When using a kettle bell, be sure to keep a firm grip so that you don’t drop it on your lap. Holding the kettle bell handle with both hands, lean back so that your torso is at about a 45-degree angle to the floor.
With your heels a few inches above the floor, rotate your torso from right to left, swinging the kettle bell slightly across your body. When you’ve completed your repetitions, return to your starting position.
When your chest is even with the kettle bell handles, exhale and push your body back up to its starting position. Hold a kettle bell by the handle so that it rests against the outside part of your shoulder.
There are many benefits to working out with kettle bells, for both men and women, across all age groups. According to a 2019 study, a kettle bell workout is a highly effective way to improve your strength, aerobic power, and overall physical fitness.
Compared to resistance circuit-based training, the same study found that a regular kettle bell workout is just as effective at improving cardiorespiratory fitness and muscle strength. A 2013 study reported that participants who completed an 8-week kettle bell training session saw noticeable improvements in their aerobic capacity.
Kettle bell exercises have the ability to restore muscle mass and improve grip strength in older adults, according to a 2018 study. According to Harvard Health, kettle bell exercises can also help improve your posture and balance.
You typically use your core muscles more with kettle bell exercises than with dumbbells or barbells. If possible, ask a certified personal trainer at your local gym or fitness center to show you the proper form for kettle bell exercises.
Stop immediately if you feel sudden or sharp pain. A little mild soreness after a workout is normal, but you shouldn’t feel sudden, sharp pain while working out.
Kettle bells can take a little getting used to, but working out with them is a highly effective way of improving your muscle strength and cardio fitness. The key is to start slow and, if possible, with the help of a certified personal trainer.
Athletes who are successful at GS sport have perfected their technique to maximize the effectiveness of each lift and to use the least amount of energy possible. Preserving energy with each repetition allows athletes to lift heavier weights at faster paces.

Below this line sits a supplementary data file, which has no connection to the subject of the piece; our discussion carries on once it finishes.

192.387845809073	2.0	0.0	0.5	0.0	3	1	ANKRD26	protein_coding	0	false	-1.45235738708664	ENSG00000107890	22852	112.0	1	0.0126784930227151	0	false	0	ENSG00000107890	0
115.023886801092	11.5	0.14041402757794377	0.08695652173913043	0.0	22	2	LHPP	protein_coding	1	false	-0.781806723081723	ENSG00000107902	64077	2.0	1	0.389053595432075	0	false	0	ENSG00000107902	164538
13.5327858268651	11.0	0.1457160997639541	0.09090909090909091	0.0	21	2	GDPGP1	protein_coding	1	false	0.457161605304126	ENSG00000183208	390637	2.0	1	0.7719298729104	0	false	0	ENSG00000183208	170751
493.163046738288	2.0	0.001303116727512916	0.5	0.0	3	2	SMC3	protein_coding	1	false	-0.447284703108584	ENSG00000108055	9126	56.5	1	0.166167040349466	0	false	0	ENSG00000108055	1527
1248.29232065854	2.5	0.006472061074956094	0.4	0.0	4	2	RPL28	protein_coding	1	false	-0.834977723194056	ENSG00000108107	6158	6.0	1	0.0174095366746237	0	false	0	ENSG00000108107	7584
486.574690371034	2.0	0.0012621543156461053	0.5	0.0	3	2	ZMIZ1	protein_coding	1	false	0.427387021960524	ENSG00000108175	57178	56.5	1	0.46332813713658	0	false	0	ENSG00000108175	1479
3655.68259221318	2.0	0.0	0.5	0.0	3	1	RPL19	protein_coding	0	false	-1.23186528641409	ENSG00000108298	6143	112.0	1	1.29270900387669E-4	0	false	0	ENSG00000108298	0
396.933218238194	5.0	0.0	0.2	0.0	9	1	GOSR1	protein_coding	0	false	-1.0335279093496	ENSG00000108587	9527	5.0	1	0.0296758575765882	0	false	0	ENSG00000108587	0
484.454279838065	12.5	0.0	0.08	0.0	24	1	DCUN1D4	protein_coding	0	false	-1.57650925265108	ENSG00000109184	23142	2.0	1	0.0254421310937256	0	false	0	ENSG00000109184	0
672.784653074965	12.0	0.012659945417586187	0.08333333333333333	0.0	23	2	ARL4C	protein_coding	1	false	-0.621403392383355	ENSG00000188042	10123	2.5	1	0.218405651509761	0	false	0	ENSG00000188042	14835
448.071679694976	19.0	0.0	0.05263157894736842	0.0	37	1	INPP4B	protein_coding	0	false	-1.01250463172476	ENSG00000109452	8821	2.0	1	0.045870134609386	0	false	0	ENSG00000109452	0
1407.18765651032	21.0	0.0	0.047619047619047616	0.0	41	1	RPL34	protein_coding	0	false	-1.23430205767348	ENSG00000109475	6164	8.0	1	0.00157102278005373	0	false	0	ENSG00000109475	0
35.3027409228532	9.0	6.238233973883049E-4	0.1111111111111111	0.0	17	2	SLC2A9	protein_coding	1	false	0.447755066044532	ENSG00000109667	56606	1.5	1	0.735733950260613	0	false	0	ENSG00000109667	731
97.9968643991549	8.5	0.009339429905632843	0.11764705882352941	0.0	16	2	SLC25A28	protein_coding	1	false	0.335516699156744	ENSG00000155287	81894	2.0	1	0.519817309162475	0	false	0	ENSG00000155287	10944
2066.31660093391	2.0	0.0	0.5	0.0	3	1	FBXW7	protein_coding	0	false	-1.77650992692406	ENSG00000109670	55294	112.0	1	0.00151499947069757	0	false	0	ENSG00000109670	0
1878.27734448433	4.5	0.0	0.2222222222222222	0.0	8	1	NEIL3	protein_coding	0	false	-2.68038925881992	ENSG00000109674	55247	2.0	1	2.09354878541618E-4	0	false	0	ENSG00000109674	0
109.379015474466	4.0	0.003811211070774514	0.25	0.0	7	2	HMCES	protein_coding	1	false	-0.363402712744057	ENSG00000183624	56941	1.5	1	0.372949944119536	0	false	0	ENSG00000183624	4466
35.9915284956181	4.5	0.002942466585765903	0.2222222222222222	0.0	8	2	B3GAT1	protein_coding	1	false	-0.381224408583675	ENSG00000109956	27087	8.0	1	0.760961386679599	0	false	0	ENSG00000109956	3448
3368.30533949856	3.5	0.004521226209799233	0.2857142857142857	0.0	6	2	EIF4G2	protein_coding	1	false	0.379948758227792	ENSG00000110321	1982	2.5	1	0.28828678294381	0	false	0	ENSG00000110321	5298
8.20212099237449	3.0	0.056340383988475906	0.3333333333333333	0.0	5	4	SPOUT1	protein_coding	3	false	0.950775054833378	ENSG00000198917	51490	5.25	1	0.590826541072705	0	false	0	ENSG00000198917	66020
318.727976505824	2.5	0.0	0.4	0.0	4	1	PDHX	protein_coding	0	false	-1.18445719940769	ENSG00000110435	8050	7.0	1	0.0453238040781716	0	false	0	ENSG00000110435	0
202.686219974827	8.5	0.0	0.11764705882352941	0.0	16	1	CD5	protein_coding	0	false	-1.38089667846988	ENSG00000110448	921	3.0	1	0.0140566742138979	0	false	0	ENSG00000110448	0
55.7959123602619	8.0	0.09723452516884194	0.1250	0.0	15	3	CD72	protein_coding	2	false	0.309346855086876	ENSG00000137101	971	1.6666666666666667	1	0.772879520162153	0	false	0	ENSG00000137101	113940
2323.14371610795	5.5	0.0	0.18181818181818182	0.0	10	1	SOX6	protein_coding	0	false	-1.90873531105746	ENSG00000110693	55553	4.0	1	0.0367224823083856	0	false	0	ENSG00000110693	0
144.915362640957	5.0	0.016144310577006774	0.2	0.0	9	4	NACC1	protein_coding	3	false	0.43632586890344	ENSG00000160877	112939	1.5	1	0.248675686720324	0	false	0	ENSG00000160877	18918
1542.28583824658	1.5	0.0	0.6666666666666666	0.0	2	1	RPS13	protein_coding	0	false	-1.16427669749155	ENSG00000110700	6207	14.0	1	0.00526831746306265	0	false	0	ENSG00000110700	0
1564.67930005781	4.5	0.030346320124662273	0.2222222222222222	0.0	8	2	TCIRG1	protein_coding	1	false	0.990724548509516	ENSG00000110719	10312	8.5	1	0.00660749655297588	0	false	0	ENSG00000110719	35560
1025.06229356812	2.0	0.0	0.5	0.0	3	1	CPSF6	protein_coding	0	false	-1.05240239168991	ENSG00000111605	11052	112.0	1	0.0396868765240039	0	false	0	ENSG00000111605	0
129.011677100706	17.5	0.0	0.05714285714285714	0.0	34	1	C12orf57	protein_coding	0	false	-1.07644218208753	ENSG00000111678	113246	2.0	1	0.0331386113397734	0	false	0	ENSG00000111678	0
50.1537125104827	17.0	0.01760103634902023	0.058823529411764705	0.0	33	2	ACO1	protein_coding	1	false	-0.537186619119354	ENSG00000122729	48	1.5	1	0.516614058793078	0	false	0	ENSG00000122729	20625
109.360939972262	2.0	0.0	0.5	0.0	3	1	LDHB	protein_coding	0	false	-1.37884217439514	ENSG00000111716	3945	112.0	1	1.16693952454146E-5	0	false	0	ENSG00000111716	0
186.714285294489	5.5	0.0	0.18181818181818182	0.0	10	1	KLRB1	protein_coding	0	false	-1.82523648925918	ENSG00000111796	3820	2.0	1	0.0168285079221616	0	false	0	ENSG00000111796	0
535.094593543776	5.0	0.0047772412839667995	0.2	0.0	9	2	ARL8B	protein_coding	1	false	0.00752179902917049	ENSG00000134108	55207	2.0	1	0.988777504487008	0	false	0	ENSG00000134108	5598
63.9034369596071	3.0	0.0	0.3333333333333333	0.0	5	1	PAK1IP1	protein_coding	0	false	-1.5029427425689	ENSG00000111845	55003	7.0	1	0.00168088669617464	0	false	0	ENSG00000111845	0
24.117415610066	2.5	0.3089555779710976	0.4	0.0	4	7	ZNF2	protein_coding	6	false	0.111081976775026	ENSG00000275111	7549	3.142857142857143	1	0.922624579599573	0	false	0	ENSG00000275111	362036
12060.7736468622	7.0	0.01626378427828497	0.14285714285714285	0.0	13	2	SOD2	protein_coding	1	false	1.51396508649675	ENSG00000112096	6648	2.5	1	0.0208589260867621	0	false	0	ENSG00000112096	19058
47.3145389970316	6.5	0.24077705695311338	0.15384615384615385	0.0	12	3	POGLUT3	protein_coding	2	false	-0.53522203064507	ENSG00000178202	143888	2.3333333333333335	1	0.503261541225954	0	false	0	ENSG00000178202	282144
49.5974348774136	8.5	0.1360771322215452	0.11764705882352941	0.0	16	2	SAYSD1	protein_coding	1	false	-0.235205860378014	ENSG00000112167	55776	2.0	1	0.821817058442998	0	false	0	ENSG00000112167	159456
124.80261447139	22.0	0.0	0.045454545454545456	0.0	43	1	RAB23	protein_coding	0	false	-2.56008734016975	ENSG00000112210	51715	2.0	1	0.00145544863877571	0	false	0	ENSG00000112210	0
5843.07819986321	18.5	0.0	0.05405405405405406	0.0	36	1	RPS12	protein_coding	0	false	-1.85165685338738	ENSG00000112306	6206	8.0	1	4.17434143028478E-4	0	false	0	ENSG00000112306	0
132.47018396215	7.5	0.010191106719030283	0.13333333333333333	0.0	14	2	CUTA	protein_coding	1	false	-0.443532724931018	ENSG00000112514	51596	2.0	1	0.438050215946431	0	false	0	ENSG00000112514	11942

Each point is earned but completing a specific exercise correctly and achieving “lockout”. Lockout is the term used for when the athlete stops the momentum of the kettle bell in the overhead position for a brief moment in time.
If the judge deems that the exercise was not completed properly or the athlete did not fully stop the momentum of the bell in the lockout position, or the knees or elbows were not fully extended, the judge will issue a no-count. Essentially the athlete went through the entire process of a repetition, expended energy that is not rewarded with an increase in score.
Almost all kettle bell athletes have experienced this and it can be heartbreaking, it is definitely something to be avoided with proper training and technique! Points are not awarded or deducted for style or individual lifter differences, only for proper execution of the exercise and achievement of lockout.
While these may vary depending on the federation, gender, and level of competition the lifts are as follows: snatch, half-snatch, double half-snatch, one and two arm long cycles, and biathlon (One set of single or double jerks and a second set of snatch). Some events will also include triathlon, long cycle, jerks and snatch scores all combined for one award.
All competition style kettle bells are the same size but vary in weight based on how hollow or filled the inside with the bell is. In traditional GS Sport (10 minute sets) lifters may only change hands once while longer marathon sets typically allow lifters to change hands as many times as they want.